# Why Classification Often Beats Regression For Security Selection

Author

Jin Won Choi

Category

Machine Learning

Date

Dec. 21, 2020

The movie “Into the Wild” depicts the story of Chris McCandless, who after graduating from university, renounces all possessions and decides to live in the wilderness. Not long after he achieves his dream and settles in an abandoned bus in Alaska, he mistakenly eats the seeds of a wild sweet pea, which unlike the similar looking wild potato, is toxic. The blunder robs McCandless of his ability to digest food, and the movie ends with him dying of starvation.

In life, we often encounter situations where two solutions to the same problem look similar on the surface, but lead to drastically different results. This type of situation also presents itself in quantitative finance, and in this article, I want to focus on the choice between creating algorithms targeting classification, versus regression, in the context of security selection.

A security selection algorithm’s purpose is to score each security by their investment potential, and there are two main methods of such scoring with the use of machine learning. The regression method tries to predict the exact level of future returns. For example, it will draw a distinction between stocks that return 5%, versus those that return 10%, and it will produce forecasts that get as close to the exact return as possible.

The classification method, on the other hand, groups returns into categories. If the category is “all stocks that have positive returns”, then stocks that have returned 5% and 10% will get grouped into the same category. The classification algorithm would then forecast the chance that each security would belong to this category.

At first glance, it may appear that regression algorithms should yield superior results as compared to classification. We lose information when we turn numbers of different grades into a single category, and we care about that lost information - a stock with a forecasted return of 10% is more valuable than a stock which forecast is 5%. Moreover, a regression forecast can be turned into a classification category, but not vice versa. For example, we can classify a stock that is forecasted to return 7% into the “all stocks that have positive returns” category, but we can’t infer a stock’s potential return just by knowing, for example, that a stock has a 60% chance of generating a positive return.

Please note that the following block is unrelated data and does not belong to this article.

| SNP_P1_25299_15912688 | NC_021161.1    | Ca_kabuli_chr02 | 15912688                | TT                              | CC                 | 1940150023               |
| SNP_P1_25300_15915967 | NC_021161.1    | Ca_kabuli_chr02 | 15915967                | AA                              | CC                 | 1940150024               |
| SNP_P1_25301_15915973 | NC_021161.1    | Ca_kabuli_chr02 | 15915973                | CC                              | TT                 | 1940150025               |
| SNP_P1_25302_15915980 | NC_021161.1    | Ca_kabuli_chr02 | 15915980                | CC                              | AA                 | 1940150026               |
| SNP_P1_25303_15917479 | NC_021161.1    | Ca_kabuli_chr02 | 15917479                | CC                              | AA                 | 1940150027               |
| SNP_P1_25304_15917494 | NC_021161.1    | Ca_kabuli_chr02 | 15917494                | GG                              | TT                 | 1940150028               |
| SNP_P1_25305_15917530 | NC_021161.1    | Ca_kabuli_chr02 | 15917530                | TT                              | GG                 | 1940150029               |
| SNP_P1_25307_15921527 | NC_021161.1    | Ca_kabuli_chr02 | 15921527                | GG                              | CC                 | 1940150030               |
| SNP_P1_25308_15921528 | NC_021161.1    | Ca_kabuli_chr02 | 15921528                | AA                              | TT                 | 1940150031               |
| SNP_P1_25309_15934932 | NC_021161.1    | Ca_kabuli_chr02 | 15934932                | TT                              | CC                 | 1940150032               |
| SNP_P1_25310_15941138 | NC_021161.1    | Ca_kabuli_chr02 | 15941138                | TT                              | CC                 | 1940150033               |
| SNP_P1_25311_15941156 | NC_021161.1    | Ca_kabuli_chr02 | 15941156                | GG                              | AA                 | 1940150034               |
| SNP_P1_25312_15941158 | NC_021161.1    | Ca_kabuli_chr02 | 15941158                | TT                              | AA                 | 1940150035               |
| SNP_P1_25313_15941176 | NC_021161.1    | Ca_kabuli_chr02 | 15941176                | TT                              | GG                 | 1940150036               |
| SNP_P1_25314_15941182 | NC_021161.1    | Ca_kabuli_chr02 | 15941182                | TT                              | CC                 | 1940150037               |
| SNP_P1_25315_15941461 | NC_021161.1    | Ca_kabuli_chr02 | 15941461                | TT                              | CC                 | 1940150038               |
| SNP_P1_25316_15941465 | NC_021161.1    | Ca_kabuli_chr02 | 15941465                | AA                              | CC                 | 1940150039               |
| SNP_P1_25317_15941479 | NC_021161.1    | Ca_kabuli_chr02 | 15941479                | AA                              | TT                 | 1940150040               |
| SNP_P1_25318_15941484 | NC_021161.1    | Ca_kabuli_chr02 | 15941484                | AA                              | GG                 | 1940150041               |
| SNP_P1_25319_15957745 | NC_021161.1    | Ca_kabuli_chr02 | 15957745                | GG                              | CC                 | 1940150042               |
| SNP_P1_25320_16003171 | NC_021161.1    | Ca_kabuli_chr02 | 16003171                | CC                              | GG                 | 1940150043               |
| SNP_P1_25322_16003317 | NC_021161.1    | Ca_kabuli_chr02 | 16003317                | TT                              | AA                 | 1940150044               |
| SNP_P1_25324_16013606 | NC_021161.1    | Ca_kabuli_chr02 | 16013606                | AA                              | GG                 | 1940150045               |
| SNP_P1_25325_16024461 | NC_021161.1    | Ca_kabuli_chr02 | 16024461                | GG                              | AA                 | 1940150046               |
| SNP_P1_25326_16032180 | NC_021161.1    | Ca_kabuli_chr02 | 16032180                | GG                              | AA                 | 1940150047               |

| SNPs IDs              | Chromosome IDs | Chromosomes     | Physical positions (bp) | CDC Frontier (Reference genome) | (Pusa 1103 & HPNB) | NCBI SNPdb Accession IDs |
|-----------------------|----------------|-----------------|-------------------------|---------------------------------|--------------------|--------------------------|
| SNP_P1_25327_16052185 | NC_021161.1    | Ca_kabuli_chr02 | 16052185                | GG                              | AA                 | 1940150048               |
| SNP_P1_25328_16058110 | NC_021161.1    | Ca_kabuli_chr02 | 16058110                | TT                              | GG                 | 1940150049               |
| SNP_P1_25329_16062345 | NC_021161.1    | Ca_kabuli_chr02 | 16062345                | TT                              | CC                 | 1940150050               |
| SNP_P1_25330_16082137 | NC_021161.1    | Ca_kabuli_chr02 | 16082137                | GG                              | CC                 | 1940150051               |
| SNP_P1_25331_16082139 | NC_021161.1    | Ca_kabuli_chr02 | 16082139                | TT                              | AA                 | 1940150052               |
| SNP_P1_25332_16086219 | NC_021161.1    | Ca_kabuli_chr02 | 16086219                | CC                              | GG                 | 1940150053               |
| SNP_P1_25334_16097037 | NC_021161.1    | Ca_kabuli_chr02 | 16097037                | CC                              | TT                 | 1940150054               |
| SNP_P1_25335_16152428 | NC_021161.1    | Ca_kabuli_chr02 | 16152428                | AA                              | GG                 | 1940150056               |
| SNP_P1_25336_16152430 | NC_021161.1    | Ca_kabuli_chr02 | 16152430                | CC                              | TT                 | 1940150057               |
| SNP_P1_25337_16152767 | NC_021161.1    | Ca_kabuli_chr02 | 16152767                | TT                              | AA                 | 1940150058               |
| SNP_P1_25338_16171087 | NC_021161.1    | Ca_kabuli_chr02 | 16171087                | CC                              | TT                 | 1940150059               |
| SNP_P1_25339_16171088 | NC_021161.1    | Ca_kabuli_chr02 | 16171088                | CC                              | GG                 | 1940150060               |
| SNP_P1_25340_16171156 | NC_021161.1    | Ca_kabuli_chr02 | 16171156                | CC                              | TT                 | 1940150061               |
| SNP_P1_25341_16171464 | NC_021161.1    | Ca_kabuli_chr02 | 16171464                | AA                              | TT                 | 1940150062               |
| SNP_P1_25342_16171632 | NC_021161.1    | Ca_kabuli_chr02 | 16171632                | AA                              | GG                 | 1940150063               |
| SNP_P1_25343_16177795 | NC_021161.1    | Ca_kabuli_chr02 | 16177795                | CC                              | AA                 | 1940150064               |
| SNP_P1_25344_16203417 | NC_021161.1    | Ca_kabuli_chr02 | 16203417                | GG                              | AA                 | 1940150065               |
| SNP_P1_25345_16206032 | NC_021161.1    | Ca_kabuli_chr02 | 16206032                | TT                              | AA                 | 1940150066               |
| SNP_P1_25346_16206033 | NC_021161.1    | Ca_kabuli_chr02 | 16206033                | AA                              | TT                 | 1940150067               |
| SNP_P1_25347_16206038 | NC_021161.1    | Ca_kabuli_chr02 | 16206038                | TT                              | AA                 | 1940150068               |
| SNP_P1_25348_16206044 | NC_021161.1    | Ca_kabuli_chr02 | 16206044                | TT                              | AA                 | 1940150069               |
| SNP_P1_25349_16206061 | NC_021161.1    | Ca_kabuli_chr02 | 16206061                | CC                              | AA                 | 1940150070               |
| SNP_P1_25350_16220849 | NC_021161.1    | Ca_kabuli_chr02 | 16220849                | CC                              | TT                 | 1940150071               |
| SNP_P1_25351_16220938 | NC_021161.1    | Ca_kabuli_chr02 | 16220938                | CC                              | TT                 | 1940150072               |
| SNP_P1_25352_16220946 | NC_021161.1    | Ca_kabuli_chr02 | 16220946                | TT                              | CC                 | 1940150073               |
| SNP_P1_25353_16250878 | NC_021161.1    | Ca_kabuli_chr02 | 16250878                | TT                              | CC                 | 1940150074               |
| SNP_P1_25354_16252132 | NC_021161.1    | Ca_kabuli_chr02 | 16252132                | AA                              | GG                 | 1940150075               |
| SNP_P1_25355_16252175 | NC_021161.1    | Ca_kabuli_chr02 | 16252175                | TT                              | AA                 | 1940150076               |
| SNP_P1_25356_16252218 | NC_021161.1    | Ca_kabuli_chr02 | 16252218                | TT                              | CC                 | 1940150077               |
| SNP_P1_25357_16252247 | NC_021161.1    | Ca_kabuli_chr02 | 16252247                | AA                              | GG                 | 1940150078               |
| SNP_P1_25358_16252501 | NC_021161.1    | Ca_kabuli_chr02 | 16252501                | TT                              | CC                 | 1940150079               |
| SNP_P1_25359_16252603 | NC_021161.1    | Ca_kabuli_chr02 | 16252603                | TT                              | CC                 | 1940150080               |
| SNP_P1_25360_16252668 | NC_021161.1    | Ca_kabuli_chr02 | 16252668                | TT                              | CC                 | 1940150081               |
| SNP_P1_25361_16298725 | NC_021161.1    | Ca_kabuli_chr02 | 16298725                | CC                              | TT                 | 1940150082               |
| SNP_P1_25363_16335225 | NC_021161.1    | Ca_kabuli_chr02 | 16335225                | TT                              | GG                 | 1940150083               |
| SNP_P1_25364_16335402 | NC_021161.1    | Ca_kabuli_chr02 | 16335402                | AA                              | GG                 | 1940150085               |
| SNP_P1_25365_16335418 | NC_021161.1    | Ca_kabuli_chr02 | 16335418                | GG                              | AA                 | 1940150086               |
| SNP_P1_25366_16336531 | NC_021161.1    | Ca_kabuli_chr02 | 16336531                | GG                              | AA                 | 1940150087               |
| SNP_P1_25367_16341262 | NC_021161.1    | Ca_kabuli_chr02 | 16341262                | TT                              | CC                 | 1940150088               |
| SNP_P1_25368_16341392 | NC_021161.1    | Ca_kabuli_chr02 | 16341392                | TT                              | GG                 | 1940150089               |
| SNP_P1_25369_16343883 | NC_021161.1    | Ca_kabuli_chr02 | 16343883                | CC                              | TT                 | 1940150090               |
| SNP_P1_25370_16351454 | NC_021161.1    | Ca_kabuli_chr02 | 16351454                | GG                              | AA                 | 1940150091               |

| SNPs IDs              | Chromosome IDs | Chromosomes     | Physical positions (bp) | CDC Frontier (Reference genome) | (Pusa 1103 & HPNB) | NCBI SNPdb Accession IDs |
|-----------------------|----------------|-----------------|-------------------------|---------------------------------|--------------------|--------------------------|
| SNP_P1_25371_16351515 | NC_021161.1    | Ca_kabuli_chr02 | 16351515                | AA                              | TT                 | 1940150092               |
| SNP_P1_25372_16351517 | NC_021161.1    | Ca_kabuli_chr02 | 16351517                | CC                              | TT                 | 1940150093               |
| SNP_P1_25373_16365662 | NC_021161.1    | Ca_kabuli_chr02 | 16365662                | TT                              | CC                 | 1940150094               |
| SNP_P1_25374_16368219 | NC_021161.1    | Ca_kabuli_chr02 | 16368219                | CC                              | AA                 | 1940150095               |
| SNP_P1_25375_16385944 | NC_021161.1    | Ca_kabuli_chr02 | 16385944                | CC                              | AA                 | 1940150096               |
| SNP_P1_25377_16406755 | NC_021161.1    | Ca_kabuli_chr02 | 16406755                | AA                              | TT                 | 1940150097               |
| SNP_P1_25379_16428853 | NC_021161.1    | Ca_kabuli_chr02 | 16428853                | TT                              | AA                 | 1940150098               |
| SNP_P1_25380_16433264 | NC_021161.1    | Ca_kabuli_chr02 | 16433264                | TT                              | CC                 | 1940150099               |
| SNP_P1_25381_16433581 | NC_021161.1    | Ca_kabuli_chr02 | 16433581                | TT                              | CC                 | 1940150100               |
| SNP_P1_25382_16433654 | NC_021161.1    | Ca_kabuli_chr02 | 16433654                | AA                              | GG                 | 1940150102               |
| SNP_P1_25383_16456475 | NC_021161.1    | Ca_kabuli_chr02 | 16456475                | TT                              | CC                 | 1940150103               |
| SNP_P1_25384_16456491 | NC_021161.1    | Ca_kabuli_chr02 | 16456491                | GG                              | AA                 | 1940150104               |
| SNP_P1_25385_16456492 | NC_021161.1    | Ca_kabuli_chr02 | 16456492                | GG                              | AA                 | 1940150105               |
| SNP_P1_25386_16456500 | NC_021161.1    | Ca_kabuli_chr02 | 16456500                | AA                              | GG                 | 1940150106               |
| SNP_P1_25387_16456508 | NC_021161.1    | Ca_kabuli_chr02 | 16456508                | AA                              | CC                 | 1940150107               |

I was confused, therefore, when I’ve found that classification algorithms tend to outperform regression algorithms. For example, the following graph shows the partial backtest results of two algorithms that we’re working on: You can see that the two algorithms are highly correlated. Both algorithms use the same inputs to score securities, and use very similar machine learning models. The only difference comes from the scoring target - the Classification algorithm transforms the raw target values into categories first, whereas the Regression algorithm leaves the target values raw.

Although the two algorithms are highly correlated, you can see that the classification algorithm outperformed the regression algorithm. The key, as it turns out, is uncertainty. Let me explain using a hypothetical.

Let’s say there are two securities - A and B. A has an expected return of 5%, and the uncertainty of this return, expressed as the standard deviation around the mean, is 10%. B, on the other hand, has a higher expected return of 10%, but also has higher standard deviation of 40%.

It’s important to note that the standard deviation refers to the uncertainty of prediction, rather than the volatility of a given stock price. One can have high confidence in predicting the return of a volatile stock, and vice versa. For example, if you knew that a small biotech company was going to release favourable trial results for a drug, you’d have high confidence in the future return of the stock even if the stock price itself has been volatile. But as a matter of practice, predictive uncertainty and volatility generally go hand in hand.

To illustrate the importance of predictive uncertainty, let’s take a hypothetical example. Let’s say we train a regression algorithm that scores each security according to their expected returns. This algorithm, if properly trained, would consistently score security B higher than A. On the other hand, if we train a classification algorithm that has the higher chance of giving positive returns, it would score A higher than B - the former has a 69% chance of generating higher returns whereas the latter only has 60%.